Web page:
Squid Socks is a company that wants to eliminate the scourge of lost socks and they've managed to do so by adding just a little bit of internal resistance that will stop a sock from being easily pulled off by little toddler hands. The Squid Sock is demonstrated directly to Lori who can easily pull off a normal sock but not so simply with the Squid Sock. In addition to this resistance to being pulled off, Squid Socks feature an anti-slip bottom.
The Squid Sock was inspired by the entrepreneur's honeymoon four and a half years before where a brother-in-law brought up how frustrated he was with children's socks. The couple behind Squid Socks then went home and brainstormed a solution to the problem.
Because nothing these days doesn't have one, Squid Socks has a utility patent pending and a trademark.
In order to demonstrate the product, the entrepreneurs are starting a program for retailers that will allow them to run a video in-store so parents can see the difference.
Squid Socks has sixteen months of sales but, unfortunately, only $40,000 to show for them because they had "significant" product issues that starved them of inventory. Squid Socks were originally sold only on their own site direct to consumer and the company made $20,000 in sales. But, when the second order of product came in the company was forced to reject it for quality reasons.
Today, Squid Socks has eighteen collections of socks. A package of Squid Socks cost $5.85 to manufacture and are sold at wholesale for $12 and at retail for $24.
Making A Deal
Kevin says that he likes the idea but wants to license it and, because they disagree on business model, he decides to exit.
Lori says that she likes everything about the product and the company but that it's not the right investment for her and that she's out.
Robert originally seemed like a tough nut to crack, stating earlier in the pitch that he doesn't even bother to put socks on his twins any more. But he states that he finds the entrepreneurs committed enough that, despite not being in the sock business but being in apparel with other companies, is interested enough to make an offer. Calling it a "flyer" on the product and the entrepreneurs themselves, Robert offers $125,000 for 40% in equity.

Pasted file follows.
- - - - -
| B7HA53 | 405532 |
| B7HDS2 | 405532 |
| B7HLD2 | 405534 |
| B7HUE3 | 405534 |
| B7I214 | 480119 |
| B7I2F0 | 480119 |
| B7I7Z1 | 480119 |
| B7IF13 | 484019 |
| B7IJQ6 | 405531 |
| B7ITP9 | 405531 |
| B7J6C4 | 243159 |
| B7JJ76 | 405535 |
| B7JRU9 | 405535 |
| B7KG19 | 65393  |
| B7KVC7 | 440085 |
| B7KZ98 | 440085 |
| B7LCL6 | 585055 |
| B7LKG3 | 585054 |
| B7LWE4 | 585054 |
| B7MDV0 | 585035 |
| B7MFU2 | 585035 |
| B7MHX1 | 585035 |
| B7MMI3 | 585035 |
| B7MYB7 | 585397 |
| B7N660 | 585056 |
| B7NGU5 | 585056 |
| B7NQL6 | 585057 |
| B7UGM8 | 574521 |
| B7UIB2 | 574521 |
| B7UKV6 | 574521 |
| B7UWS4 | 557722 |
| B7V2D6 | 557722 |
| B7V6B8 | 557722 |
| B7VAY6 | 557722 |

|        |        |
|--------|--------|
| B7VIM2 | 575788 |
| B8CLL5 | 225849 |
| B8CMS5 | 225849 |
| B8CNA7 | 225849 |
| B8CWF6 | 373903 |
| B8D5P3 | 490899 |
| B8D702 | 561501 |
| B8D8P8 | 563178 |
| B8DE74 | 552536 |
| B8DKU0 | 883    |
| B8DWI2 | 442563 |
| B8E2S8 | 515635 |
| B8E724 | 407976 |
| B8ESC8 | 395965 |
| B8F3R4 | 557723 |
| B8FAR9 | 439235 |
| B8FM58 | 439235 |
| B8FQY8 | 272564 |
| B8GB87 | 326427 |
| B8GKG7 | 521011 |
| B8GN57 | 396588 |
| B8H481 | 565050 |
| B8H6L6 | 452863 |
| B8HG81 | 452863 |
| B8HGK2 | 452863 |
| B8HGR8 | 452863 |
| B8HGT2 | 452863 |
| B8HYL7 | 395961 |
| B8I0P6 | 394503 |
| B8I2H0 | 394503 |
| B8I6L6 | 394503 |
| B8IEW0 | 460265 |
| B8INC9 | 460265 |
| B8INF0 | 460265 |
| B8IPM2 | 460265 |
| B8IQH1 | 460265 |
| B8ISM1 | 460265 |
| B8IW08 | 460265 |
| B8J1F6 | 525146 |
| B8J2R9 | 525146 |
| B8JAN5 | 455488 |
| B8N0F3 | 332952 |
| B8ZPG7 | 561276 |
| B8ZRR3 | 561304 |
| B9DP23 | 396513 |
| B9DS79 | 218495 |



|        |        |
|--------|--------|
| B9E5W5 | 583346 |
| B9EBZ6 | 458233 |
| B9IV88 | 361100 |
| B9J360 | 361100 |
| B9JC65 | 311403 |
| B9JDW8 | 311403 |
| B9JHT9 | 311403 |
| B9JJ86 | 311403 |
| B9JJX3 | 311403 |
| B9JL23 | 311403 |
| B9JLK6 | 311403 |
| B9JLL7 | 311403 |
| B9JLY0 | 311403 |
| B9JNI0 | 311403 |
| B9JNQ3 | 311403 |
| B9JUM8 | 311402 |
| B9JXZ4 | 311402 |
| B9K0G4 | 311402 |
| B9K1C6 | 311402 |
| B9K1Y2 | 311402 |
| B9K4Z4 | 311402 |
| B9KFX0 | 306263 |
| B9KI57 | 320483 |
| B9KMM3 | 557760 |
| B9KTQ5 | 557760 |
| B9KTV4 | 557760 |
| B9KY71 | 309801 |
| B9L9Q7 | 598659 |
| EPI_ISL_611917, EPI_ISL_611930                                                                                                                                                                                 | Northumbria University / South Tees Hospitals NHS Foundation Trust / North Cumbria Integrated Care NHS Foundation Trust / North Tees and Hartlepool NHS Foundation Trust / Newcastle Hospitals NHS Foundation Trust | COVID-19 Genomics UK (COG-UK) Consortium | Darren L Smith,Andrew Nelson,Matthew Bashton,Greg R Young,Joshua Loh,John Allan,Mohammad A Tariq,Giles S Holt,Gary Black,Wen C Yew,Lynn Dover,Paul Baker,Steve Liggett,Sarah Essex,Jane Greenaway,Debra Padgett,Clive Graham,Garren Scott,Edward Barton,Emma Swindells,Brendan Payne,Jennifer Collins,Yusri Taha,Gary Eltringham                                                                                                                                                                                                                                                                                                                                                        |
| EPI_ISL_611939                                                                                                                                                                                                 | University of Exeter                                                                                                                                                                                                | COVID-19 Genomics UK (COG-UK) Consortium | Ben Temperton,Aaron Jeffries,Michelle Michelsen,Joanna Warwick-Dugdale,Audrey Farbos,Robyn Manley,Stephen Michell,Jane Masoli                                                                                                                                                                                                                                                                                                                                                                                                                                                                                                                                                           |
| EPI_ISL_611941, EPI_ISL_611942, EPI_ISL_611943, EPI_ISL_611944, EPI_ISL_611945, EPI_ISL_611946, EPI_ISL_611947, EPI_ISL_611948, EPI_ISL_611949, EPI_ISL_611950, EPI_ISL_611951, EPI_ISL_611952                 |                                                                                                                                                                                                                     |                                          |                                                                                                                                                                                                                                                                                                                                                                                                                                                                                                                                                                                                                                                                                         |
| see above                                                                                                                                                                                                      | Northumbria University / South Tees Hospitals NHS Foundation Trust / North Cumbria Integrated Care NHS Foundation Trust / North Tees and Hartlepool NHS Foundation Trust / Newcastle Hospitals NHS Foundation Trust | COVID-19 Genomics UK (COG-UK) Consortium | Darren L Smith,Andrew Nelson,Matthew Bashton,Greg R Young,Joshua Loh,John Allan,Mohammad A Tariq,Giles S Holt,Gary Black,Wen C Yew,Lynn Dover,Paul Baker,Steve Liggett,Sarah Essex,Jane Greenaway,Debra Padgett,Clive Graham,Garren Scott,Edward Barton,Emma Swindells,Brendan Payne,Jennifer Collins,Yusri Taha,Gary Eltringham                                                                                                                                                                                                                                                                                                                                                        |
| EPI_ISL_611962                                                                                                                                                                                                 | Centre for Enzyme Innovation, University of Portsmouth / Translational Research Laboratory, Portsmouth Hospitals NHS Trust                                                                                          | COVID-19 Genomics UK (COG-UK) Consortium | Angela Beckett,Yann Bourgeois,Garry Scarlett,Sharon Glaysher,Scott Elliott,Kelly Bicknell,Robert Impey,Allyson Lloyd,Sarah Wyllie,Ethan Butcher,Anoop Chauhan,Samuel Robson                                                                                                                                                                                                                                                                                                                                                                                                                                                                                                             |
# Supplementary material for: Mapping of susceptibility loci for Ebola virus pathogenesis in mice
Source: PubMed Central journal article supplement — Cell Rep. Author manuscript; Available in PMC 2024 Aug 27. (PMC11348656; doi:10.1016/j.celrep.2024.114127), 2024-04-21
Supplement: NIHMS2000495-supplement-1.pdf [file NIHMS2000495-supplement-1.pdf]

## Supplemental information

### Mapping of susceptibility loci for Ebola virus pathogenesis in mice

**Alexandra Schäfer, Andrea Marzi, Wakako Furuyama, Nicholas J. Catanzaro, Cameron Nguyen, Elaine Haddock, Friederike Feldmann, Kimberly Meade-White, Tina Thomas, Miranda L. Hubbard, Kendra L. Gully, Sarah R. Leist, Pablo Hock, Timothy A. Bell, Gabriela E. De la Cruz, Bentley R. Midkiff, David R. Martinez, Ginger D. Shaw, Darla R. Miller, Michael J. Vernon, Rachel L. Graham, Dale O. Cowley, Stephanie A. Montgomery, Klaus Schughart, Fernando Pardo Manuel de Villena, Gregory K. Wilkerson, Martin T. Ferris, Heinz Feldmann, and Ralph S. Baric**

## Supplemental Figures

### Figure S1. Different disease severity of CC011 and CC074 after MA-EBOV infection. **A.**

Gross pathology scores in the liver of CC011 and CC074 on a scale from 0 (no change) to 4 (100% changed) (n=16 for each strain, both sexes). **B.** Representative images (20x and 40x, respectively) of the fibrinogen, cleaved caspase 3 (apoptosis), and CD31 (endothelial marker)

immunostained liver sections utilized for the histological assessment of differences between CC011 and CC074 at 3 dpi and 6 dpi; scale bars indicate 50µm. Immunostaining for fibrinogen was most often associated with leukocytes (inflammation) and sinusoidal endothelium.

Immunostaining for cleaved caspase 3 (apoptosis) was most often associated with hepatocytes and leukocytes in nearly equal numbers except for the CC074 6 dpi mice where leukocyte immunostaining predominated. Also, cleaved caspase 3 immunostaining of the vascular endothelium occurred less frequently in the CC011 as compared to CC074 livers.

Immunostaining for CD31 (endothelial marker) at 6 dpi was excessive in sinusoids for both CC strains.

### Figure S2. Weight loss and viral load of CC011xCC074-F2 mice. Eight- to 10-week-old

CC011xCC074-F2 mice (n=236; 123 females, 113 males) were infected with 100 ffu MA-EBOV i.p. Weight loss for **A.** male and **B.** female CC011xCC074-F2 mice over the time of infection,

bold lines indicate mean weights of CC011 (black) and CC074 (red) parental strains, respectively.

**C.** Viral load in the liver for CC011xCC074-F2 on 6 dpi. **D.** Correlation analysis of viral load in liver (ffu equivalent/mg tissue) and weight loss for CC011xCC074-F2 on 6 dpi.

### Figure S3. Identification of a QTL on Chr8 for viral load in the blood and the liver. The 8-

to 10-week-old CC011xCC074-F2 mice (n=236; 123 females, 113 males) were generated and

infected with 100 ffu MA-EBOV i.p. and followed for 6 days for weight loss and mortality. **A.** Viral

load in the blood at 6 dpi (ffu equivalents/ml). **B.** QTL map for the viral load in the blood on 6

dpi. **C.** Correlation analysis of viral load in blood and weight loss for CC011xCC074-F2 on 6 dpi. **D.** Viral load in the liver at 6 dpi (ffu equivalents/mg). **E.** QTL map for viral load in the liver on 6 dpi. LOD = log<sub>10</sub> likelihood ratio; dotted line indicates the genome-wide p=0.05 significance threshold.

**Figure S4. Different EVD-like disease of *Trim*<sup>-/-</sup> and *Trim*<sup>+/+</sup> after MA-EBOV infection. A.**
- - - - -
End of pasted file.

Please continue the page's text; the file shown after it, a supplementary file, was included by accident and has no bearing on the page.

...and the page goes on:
Daymond states that he, also, sees Squid Socks as a license play, an area where the company can best benefit from licensing the product to bigger manufacturers before those bigger companies can enter their niche and potentially dominate. He then offers $125,000 for 33%.
This entices Lori to want to come back into the deal if Daymond will partner with her but Daymond declines stating that this is his area. Robert then counters Daymond by offering $250,000 for 40% equity, which is the exact valuation the entrepreneurs have put on their company and double the cash but also double the equity originally offered.
The entrepreneurs then float 25% equity as their magic number. Daymond says that he's willing to go down to 33% but Robert says that he'll drop down to 30% which would actually give the company an increased value of $833,333 or $208,000 more than was originally valued. Showing that sometimes you should just ask even if it's ballsy given Robert's offer, the entrepreneurs as if either shark would be willing to put more money in. (Ballsy given Robert has already offered them double the cash.) But Daymond states that the entrepreneurs wouldn't need more money if they persued a license strategy.
When the entrepreneurs attempt to get Daymond to match Robert's offer, it becomes pretty clear that he's their preferred shark and Daymond says that he won't negotiate against himself. And, despite a bite of $246,212 from the value rather than an $208,000 increase, they select Daymond anyway!
With Bombas and now Squid Socks, Daymond looks to be building quite the little sock empire!